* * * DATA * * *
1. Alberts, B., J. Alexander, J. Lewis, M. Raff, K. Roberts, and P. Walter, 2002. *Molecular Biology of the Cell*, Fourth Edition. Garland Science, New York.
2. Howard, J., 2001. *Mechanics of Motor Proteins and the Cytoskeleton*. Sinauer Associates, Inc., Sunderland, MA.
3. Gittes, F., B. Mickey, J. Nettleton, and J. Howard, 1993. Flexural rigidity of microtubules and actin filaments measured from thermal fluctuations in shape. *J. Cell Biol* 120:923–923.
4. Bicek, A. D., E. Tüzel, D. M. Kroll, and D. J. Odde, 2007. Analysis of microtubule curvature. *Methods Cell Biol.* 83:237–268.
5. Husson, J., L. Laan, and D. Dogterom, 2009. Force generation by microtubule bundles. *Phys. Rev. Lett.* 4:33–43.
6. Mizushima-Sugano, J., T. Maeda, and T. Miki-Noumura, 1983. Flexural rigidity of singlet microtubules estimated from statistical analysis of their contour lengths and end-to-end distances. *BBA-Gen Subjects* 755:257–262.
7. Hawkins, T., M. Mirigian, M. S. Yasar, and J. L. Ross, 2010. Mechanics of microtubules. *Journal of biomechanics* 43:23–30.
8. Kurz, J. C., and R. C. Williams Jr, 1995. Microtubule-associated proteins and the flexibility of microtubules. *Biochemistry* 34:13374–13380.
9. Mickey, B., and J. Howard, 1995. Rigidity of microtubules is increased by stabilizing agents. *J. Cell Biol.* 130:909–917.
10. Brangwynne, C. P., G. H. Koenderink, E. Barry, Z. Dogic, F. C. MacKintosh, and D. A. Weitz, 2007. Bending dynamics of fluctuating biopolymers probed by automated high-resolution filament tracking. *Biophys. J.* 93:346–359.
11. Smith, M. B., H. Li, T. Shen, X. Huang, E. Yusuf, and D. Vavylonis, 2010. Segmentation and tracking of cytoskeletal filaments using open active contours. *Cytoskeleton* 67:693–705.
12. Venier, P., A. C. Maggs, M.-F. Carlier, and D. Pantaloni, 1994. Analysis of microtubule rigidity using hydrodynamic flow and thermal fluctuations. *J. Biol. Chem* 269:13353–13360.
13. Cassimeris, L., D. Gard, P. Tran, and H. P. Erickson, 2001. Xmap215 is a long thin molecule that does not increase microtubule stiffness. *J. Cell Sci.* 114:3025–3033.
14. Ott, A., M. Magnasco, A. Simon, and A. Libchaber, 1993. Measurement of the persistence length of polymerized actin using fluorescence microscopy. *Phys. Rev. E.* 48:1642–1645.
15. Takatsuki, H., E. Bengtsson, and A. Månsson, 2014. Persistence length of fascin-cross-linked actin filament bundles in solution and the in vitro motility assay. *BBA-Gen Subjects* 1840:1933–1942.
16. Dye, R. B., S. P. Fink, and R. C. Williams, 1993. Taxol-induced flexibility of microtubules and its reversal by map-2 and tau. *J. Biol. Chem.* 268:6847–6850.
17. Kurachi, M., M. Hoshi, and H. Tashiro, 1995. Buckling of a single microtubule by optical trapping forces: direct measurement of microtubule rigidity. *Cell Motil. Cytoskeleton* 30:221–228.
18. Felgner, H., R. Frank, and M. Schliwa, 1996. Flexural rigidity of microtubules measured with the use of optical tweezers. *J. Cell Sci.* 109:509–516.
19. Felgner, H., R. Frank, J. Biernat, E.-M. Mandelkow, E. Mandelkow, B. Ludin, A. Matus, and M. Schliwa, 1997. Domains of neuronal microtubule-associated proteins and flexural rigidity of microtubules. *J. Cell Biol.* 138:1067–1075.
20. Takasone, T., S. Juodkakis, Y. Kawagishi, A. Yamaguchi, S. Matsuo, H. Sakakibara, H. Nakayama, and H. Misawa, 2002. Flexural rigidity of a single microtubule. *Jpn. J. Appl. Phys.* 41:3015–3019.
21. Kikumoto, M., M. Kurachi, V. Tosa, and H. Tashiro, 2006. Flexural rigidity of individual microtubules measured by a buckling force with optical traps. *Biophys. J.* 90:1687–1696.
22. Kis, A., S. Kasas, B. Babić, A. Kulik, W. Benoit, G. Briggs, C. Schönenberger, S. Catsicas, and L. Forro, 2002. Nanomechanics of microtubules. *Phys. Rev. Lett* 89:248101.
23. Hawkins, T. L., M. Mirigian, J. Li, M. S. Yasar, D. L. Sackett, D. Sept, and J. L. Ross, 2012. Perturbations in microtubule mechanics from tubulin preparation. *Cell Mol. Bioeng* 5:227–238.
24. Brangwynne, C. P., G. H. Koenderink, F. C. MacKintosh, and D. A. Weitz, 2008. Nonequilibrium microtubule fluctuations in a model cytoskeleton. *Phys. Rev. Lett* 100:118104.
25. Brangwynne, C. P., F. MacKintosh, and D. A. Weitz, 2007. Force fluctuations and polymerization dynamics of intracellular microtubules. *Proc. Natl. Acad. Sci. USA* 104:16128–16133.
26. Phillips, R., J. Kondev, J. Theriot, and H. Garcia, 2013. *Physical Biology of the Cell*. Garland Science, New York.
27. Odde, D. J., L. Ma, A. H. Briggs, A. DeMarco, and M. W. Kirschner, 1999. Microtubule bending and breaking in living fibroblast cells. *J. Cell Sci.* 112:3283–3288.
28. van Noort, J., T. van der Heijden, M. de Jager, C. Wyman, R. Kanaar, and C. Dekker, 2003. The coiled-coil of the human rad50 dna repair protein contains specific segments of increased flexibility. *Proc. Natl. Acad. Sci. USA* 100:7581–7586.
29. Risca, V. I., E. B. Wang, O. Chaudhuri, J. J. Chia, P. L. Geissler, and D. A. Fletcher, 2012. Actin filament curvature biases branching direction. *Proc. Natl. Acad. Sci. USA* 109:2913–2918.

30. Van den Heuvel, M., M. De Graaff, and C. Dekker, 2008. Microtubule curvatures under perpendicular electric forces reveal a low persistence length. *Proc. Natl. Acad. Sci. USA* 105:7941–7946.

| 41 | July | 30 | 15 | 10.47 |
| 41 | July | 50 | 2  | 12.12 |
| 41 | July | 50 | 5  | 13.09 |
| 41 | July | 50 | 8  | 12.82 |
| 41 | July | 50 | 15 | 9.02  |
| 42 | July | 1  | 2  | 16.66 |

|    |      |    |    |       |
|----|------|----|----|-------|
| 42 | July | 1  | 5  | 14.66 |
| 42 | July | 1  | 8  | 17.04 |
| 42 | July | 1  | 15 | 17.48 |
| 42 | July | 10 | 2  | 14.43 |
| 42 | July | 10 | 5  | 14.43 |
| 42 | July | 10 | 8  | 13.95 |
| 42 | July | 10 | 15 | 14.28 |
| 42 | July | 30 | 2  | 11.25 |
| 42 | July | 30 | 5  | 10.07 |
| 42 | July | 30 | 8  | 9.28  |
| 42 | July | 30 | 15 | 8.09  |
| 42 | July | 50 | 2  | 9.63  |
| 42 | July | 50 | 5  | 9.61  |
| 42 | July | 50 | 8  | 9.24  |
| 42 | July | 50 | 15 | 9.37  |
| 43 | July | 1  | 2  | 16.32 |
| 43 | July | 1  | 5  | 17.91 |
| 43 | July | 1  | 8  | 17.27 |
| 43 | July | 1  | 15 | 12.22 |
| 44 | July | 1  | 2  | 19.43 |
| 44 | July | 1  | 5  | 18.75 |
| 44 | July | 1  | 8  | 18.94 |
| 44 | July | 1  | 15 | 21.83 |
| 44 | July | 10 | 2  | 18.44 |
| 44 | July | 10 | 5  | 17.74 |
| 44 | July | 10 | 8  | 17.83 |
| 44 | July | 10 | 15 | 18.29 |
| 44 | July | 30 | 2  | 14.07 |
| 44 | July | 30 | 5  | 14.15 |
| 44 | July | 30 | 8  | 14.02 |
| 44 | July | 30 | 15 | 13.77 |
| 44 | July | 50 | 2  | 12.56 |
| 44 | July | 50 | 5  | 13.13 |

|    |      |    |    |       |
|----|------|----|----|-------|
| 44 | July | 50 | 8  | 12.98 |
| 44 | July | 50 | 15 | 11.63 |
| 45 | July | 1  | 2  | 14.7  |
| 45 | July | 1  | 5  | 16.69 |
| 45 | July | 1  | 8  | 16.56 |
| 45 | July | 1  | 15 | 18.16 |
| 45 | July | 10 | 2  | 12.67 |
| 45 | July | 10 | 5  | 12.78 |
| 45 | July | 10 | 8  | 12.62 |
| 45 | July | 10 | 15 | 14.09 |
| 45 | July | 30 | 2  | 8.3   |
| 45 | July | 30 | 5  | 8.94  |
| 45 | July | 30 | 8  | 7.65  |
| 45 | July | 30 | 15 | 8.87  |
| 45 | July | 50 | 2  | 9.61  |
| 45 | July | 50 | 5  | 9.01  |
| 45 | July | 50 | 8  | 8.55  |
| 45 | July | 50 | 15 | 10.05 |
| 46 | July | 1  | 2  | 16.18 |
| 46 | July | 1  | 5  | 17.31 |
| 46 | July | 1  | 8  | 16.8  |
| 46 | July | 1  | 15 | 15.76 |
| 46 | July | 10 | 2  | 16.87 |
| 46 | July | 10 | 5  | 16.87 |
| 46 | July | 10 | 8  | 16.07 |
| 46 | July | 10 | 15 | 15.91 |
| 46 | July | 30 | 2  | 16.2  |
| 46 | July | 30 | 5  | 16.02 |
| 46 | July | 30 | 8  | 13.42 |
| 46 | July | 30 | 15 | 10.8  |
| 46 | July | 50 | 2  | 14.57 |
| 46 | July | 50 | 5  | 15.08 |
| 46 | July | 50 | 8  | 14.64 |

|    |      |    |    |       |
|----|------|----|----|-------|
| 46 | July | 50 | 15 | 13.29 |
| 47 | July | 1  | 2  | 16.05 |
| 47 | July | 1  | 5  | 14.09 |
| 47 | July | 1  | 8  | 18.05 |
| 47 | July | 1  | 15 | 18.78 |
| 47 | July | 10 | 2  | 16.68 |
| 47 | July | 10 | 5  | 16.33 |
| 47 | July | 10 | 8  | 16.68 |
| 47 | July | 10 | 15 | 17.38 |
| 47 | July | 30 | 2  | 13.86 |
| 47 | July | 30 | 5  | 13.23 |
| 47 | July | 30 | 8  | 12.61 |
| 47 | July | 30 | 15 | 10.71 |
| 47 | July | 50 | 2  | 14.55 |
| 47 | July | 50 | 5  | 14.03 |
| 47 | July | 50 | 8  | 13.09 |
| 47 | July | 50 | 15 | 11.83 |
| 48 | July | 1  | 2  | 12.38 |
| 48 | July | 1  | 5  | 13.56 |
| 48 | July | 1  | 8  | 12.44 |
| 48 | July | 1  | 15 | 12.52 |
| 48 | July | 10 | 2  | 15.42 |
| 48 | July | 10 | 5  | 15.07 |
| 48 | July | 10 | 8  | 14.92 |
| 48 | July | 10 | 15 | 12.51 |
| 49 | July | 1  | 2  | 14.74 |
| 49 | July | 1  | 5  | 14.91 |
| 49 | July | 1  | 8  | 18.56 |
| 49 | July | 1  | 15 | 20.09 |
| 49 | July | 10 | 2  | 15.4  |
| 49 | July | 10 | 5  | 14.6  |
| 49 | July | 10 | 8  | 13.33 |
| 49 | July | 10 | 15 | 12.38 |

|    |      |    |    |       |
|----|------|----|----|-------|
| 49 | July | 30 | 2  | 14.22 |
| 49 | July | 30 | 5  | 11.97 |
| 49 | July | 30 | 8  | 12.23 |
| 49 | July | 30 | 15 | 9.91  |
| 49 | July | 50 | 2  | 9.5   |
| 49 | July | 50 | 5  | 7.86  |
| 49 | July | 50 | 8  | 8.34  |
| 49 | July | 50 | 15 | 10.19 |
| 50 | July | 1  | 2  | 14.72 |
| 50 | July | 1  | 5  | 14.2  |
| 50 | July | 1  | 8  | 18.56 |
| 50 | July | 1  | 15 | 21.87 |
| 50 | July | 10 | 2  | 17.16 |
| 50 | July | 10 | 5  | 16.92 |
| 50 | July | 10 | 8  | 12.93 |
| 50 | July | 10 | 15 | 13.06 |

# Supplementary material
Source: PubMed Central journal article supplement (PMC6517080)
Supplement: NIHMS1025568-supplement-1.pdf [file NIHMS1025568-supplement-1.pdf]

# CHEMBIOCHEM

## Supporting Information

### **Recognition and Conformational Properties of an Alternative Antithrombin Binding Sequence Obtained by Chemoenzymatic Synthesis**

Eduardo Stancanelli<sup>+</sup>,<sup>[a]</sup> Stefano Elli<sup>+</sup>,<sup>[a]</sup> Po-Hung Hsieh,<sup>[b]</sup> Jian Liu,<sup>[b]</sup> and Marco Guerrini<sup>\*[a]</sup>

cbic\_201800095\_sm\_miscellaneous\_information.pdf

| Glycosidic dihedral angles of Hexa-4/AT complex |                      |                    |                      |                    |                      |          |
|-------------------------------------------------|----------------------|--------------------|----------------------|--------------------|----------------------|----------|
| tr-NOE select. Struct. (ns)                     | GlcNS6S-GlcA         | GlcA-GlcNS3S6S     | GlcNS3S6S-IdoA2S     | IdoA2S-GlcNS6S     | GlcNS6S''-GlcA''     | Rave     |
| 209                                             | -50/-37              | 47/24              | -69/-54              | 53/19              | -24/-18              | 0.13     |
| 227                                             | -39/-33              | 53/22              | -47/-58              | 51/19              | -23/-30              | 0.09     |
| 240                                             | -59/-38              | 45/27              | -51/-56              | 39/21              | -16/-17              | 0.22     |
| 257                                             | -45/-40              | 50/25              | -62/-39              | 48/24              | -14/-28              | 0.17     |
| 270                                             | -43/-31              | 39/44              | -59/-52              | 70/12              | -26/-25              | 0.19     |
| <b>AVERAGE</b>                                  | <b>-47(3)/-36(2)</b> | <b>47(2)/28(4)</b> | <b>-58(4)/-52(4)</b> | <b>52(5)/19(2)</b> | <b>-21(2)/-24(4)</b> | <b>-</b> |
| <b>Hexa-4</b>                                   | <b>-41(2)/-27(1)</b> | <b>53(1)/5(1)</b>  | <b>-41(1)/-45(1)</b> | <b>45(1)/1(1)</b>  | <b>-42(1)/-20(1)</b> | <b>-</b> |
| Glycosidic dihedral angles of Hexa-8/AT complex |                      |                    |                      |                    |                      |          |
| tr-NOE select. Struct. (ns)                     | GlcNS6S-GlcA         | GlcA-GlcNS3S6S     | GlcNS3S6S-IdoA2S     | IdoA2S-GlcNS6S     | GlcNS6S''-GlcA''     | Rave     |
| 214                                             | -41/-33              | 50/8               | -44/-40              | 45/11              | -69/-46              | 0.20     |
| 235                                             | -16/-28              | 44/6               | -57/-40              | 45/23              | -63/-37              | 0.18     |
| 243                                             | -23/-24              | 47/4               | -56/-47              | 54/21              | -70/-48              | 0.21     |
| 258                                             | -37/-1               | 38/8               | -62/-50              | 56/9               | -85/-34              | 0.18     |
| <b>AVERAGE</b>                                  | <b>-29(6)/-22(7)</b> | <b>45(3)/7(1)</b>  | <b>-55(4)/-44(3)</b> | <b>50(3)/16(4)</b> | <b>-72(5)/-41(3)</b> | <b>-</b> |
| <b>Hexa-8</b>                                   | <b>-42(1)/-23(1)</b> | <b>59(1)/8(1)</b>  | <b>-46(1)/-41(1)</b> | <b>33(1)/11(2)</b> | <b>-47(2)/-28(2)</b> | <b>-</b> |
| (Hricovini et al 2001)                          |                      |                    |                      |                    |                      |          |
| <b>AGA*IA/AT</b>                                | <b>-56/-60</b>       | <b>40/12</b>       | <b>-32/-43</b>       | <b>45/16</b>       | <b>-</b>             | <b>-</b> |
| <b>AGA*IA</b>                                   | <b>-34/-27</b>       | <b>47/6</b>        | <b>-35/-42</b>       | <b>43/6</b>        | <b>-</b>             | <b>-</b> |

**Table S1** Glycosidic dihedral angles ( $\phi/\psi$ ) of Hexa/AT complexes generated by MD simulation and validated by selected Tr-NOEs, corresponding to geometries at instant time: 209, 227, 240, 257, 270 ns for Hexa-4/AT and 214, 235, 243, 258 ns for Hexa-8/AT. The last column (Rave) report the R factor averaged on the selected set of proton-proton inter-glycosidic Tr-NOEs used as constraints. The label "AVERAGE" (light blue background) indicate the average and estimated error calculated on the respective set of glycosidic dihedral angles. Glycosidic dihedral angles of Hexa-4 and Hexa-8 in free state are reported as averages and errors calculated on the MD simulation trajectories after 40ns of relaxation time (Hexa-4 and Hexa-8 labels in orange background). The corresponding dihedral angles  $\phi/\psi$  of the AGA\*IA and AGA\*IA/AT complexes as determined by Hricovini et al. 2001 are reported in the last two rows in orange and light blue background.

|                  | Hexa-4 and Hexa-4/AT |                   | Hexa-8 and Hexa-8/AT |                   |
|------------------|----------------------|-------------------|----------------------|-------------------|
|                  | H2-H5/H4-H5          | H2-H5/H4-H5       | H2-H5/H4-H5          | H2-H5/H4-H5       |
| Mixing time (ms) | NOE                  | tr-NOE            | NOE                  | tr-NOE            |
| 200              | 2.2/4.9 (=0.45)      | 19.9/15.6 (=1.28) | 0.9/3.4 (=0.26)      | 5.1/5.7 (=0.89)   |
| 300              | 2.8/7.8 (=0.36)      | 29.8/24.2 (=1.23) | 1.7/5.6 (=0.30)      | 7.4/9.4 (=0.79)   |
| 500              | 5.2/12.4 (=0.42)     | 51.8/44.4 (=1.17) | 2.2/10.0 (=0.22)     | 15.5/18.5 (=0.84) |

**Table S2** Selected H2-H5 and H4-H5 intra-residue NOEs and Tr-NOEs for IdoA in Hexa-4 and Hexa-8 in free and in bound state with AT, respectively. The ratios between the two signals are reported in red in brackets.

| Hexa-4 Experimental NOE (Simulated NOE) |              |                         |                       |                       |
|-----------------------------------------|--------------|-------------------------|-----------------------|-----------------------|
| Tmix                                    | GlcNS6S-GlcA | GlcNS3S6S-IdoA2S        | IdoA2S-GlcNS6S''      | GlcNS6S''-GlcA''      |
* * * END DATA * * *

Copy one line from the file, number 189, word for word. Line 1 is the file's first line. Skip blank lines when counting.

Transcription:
**Table S1** Glycosidic dihedral angles ( $\phi/\psi$ ) of Hexa/AT complexes generated by MD simulation and validated by selected Tr-NOEs, corresponding to geometries at instant time: 209, 227, 240, 257, 270 ns for Hexa-4/AT and 214, 235, 243, 258 ns for Hexa-8/AT. The last column (Rave) report the R factor averaged on the selected set of proton-proton inter-glycosidic Tr-NOEs used as constraints. The label "AVERAGE" (light blue background) indicate the average and estimated error calculated on the respective set of glycosidic dihedral angles. Glycosidic dihedral angles of Hexa-4 and Hexa-8 in free state are reported as averages and errors calculated on the MD simulation trajectories after 40ns of relaxation time (Hexa-4 and Hexa-8 labels in orange background). The corresponding dihedral angles  $\phi/\psi$  of the AGA\*IA and AGA\*IA/AT complexes as determined by Hricovini et al. 2001 are reported in the last two rows in orange and light blue background.